A shiny new Robert Pattinson, a skewed Bruce Lee and some not-for-kids animation

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The central event was real: a fight that holds legendary status in the martial arts world.  Back in 1964 in San Francisco, Bruce Lee fought a master from China named Wong Jack Man. Only a few saw it and opinions differ on who won but it helped boost him into a star and idol. The film draws on a magazine article but somehow misses much of the drama in it. Instead it purports to explain the reasons for the fight as a clash of two attitudes. Lee is cocky and ambitious; Wong is humble and philosophical. They’re portrayed perfectly well by Philip Wan-Lung Ng and Xia Yu, respectively. But look what comes with them: gamblers, enforcers, monks, triads and forced servitude in a Chinatown restaurant. We see it all through a white character (Billy Magnussen) who falls in love down there and gets Lee and Wong to help save his woman. Filmed in Vancouver, by Americans.  (Scotiabank and suburban theatres) 2 out of 5

THE FENCER: The inspirational teacher is a favorite at the movies. This is one of the best. It’s smoothly directed, well-acted and offers a story that connects emotionally. How much of it is true I don’t know. It admits it is partially fictionalized, although thefencer, Endel Nelis, was a real person and the academy he started still exists. Officially it’s a Finnish film, the director, Klaus Härö, is from there, though it takes place in Estonia, a satellite of the Soviet Union at the time.  


Nelis returns there from Leningrad under some sort of cloud. He takes a job as a high school P-E teacher and is cautioned against ever going back to Russia. He teaches fencing which the students love but the principal tries to stop in favor of “something more suitable for the proletariat.” Also somebody is asking questions about him, he’s told, and a school functionary is sent to research his background. While these shadowy threats loom, the students want to enter a major competition in, where else, Leningrad. A sweet but determined young girl begs him; a teacher he’s romantically close to fears danger, but he cites his duty to the kids and off they go. You’ve seen stories like it before but this one is worth seeing again. It was a Golden Globe contender last year. (VanCity Theatre) 3 ½ out of 5 

THE END OF THE ROAD: This one played three times at the Powell River Film Festival back in February and now gets a one-time screening here, at the VanCity Theatre Sunday evening. Anybody into BC history and social movements should see it. For hippies it’ll also be highly nostalgic because it candidly documents a common BC phenomenon of almost 50 years ago. That was a back to the land movement, mostly by young Americans, some dodging the draft. They settled in small towns, like Lund, B.C. north of Powell River in this film, and created their hippie communities.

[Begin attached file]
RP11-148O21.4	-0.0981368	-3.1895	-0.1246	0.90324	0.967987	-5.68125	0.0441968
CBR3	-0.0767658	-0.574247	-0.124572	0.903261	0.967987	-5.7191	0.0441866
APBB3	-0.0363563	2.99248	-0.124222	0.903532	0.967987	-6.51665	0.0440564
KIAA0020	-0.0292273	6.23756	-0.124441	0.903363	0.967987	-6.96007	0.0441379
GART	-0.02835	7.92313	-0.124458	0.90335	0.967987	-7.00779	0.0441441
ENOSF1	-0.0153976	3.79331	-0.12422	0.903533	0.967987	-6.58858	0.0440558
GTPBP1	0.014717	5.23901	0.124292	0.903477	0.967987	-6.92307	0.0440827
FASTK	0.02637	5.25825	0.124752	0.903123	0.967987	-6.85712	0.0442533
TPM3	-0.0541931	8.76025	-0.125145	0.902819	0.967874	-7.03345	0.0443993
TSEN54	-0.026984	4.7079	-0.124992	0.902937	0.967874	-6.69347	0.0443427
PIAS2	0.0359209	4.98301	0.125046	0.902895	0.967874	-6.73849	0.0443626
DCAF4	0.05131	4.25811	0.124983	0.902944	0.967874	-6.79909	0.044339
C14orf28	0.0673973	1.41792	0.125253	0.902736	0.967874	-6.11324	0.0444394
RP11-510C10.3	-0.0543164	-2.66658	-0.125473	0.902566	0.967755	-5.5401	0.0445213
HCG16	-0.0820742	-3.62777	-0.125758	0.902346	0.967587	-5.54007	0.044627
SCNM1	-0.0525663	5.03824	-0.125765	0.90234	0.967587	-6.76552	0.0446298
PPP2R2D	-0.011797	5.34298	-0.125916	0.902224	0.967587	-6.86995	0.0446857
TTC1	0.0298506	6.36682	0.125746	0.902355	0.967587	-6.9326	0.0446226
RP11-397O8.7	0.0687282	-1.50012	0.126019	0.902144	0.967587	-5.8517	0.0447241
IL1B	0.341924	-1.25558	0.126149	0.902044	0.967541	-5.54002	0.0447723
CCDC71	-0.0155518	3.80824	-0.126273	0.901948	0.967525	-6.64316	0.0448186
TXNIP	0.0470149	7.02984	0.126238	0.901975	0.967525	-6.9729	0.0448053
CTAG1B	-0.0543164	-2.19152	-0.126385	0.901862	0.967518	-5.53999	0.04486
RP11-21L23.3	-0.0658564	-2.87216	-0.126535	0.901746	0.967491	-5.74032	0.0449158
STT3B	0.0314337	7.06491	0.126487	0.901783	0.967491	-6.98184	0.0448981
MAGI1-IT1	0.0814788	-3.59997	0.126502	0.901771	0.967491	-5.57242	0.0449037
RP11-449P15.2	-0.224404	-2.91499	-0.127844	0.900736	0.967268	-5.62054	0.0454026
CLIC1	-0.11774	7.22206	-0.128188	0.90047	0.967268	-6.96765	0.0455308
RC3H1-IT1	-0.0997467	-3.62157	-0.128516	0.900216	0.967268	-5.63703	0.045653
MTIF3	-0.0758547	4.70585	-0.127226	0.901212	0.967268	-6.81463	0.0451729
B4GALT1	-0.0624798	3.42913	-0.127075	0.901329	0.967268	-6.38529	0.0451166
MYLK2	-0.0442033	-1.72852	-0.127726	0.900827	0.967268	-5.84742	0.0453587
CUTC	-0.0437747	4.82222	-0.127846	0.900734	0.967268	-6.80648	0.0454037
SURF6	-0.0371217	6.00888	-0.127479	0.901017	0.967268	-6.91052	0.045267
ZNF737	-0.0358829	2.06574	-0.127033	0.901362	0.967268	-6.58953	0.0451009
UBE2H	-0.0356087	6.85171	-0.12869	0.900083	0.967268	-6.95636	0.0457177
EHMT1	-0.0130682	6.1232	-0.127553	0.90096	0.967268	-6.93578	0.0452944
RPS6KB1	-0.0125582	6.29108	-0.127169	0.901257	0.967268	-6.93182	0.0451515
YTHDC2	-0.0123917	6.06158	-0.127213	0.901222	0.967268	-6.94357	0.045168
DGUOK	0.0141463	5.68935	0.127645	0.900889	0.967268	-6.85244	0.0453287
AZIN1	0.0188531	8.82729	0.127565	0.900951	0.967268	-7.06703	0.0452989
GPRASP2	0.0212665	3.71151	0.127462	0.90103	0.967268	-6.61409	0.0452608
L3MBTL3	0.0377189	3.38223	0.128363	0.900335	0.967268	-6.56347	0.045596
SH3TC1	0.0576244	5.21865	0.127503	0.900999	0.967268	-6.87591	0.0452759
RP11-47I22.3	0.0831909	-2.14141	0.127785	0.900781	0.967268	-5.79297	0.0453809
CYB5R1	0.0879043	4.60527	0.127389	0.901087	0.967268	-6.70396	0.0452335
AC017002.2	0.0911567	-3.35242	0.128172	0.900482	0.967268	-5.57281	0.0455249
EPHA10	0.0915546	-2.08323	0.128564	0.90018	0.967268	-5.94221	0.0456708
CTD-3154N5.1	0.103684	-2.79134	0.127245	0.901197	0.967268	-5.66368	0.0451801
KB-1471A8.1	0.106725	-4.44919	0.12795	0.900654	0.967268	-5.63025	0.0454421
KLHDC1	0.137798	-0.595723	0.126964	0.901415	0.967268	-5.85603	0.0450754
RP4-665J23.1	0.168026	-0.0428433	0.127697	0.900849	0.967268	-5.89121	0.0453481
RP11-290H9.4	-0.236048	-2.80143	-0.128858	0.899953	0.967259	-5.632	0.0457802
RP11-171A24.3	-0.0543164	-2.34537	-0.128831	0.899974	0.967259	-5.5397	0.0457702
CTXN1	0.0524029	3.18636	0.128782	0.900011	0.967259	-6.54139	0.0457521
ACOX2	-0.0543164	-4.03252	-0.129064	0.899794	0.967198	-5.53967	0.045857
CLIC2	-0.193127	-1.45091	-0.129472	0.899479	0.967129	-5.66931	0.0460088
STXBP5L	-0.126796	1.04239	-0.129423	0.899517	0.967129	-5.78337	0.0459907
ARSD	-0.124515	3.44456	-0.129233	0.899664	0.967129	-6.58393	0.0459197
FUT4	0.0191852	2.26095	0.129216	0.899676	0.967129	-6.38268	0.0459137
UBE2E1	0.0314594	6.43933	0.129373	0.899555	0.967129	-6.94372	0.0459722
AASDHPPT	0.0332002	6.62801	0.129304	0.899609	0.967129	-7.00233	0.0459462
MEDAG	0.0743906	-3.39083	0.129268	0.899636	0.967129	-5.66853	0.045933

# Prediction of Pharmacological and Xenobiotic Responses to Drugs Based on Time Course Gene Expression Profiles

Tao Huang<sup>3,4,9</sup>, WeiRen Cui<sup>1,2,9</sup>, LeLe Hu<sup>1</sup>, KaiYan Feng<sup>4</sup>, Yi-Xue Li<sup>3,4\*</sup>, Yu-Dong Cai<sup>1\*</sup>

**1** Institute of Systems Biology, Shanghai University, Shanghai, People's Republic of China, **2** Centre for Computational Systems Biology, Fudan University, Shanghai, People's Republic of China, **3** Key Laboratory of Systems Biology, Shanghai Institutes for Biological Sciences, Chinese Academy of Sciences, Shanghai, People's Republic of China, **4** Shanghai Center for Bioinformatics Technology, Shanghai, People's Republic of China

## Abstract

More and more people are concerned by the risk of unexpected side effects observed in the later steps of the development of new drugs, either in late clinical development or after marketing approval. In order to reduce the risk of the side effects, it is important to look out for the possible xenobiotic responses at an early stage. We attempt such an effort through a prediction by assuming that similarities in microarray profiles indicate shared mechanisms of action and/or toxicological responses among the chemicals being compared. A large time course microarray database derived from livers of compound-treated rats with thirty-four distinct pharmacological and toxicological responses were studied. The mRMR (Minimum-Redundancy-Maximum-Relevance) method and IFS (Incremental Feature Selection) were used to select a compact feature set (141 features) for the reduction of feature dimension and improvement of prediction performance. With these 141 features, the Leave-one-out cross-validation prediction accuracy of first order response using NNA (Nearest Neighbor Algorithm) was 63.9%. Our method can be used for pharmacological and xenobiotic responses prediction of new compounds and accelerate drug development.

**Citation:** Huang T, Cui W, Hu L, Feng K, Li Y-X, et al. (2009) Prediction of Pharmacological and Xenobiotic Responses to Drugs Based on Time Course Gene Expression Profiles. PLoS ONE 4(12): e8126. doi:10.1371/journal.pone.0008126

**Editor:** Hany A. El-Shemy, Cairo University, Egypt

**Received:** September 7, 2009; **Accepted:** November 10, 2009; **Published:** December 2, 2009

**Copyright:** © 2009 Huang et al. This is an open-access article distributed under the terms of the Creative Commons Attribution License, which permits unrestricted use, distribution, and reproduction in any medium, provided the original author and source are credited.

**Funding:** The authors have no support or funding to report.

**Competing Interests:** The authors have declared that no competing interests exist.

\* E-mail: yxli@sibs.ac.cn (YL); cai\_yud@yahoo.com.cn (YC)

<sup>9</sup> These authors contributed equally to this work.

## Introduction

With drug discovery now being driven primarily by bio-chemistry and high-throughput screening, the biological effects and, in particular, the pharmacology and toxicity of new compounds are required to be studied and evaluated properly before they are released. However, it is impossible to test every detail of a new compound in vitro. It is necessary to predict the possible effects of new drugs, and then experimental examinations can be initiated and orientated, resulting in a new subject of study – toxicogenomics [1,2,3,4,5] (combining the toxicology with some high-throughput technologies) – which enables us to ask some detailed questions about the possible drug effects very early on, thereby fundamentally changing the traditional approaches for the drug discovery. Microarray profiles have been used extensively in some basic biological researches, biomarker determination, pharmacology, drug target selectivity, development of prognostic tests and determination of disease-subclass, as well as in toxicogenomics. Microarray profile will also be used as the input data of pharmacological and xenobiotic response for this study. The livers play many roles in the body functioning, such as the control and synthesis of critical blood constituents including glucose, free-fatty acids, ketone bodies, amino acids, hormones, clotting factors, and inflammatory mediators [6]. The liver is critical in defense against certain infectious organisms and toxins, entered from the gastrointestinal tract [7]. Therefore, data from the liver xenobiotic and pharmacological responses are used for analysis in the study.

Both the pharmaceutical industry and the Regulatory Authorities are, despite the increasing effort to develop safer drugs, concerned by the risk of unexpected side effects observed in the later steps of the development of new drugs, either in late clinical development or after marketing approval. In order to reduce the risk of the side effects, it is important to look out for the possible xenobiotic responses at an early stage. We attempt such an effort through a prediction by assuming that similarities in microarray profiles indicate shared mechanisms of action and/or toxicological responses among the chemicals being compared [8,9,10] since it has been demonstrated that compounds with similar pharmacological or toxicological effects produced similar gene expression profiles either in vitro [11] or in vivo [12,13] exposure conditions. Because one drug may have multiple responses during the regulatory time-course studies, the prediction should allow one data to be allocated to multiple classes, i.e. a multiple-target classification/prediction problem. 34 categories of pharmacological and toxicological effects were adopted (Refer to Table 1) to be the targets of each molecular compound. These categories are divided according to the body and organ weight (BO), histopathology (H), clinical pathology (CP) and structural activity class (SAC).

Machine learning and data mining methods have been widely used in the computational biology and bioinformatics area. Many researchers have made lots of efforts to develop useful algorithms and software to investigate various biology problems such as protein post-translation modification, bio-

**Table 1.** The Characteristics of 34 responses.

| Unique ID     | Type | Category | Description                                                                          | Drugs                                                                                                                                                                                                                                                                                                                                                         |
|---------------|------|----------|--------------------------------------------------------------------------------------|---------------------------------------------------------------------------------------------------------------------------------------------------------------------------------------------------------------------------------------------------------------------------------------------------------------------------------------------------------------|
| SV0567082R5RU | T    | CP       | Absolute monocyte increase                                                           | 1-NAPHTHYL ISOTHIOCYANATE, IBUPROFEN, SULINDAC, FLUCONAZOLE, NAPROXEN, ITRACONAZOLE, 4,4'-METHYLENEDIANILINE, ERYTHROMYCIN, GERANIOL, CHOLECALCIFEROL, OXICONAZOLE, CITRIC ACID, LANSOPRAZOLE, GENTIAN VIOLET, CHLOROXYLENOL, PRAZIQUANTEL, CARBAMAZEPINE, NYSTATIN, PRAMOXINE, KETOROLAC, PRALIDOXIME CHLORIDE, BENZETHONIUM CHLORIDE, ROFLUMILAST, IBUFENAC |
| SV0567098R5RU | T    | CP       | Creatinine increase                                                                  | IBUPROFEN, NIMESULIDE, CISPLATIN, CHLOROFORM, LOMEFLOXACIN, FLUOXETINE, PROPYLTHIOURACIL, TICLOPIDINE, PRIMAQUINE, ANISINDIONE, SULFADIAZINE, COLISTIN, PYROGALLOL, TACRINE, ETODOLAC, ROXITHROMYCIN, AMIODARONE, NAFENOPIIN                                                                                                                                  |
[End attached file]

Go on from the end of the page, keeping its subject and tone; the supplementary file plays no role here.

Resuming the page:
These “bush bunnies,” as some called them, built houses, organized community events, staged amateur theatre and held dances. Sex and drugs and rock and roll was practiced enthusiastically. One survivor talking in the film recalls a time of “sporadic and free joining of genitals” which among other things made Father’s Day a difficult event to mark.

Tai Uhlmann was raised there and returned after years working in the film industry in the US. With her partner Theo Angell as editor, she made the film to let the people tell their stories. And they do. The film is crammed back to back with them.  Kids ran free. Single men were shared. Sexism was common. And yet, the people telling us these things seem to have come through it all perfectly normal. Home movies and photos show us what they were like back then. It’s a valuable historical record. There’ll also be a filmmaker Q&A.  (VanCity Theatre) 3 ½ out of 5

THE ONLY LIVING BOY IN NEW YORK: Another film (the second in two months) with a Simon and Garfunkel song in the title and no strong reason to have it there. It’s a showcase of wit, not emotion, and a display of intricate plot construction, not of any reality you can imagine. Accept those shortcomings and you’ll be lightly entertained by a likeable cast.


First up, rising British actor Callum Turner as the “boy.” He’s fresh out of college, feeling directionless  and hanging out with a girlfriend who’s about to go off to Croatia. He’d like to be a writer but the highest praise he ever got for his work from his father (Pierce Brosnan), a high-powered publisher, was “serviceable.” Mom (Cynthia Nixon) is neurotic and dad is sleeping with a freelance editor (Kate Beckinsale). So naturally he does too. Her name is Johanna and yes, it takes awhile but Bob Dylan’s Visions of Johanna eventually plays. Meanwhile, a new neighbor in his apartment building (Jeff Bridges) recognizes his melancholy and starts mentoring him with wry observations and banal advice. You know it’ll all come to a head but you won’t expect the twist the story takes. It adds to the unreality. Marc Webb also directed the quirky 500 Days of Summer and a couple of Spider-Man films. (5th Avenue) 2 ½  out of 5



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